Read as an Indo refugee treasures prized possessions from Indonesia as her family repatriates to the Netherlands and then eventually immigrated to the USA.
Like many other Dutch-Indonesian refugees, our family took only a few meager possessions with us when we made the journey across the Atlantic from Holland to America. I was almost 4 at the time and once we arrived, we settled into a cramped and dark 2 ½ room apartment above an auto parts store on a busy street corner. Because we were starting with nothing, our apartment was sparse, but there were two objects that I will always remember in that bleak space.
One was a beautiful batik fabric that my father artfully folded and fanned across the wall of our living room. I would stare at the fabric for hours trying to decipher images of lizards, fish and ants out of the bright red, gold and amber lines. The other was the stone cobek ulekan (mortar and pestle) that sat in its own place of royalty on our kitchen table. It was called to action practically every evening when my mother so patiently and rhythmically ground garlic and small red peppers into an aromatic paste of sambal. These two objects from my parents’ homeland in Surabaya on the island of Java were the connection to their earlier lives and to our family’s history.
Through years of milestones such as graduations and weddings as well as tragedies of death and illness, the batik and the cobek were the mainstays of our lives. They were always there to remind us that every day was a part of the journey. The batik and the cobek had become a comfortable presence in our lives to help us move forward.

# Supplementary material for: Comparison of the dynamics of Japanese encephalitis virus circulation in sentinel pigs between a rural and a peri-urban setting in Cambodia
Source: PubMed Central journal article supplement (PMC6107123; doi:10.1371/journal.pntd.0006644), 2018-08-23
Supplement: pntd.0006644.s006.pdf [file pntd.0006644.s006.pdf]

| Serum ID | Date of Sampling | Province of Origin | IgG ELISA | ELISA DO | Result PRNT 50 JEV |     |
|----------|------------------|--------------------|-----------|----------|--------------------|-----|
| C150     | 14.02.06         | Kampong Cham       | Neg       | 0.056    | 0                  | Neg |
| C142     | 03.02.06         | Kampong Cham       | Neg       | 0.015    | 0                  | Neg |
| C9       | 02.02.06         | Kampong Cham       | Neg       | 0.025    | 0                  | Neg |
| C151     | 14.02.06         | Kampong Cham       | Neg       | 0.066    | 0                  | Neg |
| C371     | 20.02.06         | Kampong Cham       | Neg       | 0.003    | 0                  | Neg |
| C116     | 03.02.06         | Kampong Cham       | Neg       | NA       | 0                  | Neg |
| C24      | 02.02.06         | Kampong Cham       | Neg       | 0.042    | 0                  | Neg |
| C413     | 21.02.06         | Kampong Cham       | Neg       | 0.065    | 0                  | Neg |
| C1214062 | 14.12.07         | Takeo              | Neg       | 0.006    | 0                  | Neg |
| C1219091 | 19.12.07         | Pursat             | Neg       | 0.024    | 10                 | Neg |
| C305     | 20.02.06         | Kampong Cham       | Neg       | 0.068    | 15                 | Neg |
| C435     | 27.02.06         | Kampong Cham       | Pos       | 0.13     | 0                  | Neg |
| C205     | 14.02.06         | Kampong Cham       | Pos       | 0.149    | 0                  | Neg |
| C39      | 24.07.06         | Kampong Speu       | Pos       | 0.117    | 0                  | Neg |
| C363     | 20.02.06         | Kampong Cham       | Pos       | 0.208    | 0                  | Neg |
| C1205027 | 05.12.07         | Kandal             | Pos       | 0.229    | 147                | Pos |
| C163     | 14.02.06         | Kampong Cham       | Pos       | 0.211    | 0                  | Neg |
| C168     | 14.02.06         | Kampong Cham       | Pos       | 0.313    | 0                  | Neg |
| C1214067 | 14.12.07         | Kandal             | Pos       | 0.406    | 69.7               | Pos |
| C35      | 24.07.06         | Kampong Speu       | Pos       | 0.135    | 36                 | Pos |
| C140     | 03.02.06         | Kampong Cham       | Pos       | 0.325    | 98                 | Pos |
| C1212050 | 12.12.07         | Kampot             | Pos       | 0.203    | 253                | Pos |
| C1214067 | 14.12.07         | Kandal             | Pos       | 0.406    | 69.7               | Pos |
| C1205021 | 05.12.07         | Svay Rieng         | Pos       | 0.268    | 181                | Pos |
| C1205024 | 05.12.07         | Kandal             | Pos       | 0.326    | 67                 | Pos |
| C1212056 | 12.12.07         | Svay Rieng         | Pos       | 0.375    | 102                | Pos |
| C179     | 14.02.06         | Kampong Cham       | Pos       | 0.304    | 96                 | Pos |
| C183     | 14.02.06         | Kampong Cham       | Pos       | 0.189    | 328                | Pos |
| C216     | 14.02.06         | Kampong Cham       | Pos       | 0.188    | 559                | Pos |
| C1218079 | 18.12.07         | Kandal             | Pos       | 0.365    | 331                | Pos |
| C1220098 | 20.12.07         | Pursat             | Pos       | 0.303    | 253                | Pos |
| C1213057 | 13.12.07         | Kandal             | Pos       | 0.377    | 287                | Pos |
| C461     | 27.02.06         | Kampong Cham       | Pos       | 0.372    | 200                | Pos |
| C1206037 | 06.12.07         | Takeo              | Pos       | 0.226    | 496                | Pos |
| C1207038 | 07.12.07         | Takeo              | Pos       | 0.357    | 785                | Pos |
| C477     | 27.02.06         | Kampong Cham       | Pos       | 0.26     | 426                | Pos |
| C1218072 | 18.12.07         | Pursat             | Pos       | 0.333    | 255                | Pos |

Fifty three years after we arrived in the United States, the memory of the beauty of the batik and the cobek in such dismal surroundings still resonates with me. I can attribute its inspiration to my love of adventure in cooking. Though I no longer use the oelekan, I have adapted to the modern world, and usually grind my sambal spices in a blender or food processor. It is a process that always reminds me of my family’s own cultural past. And the batik had even more impact on whom I would become all these years later. I am a textile artist – I design and weave handwoven fabric to use in the home and as fashion accessories. That lovely batik was one of the few bright spots in our early lives as Americans. And I cannot help but think that its presence moved me forward as an adult to embrace the world of textiles.
Felicitas Sloves, July 27, 2012
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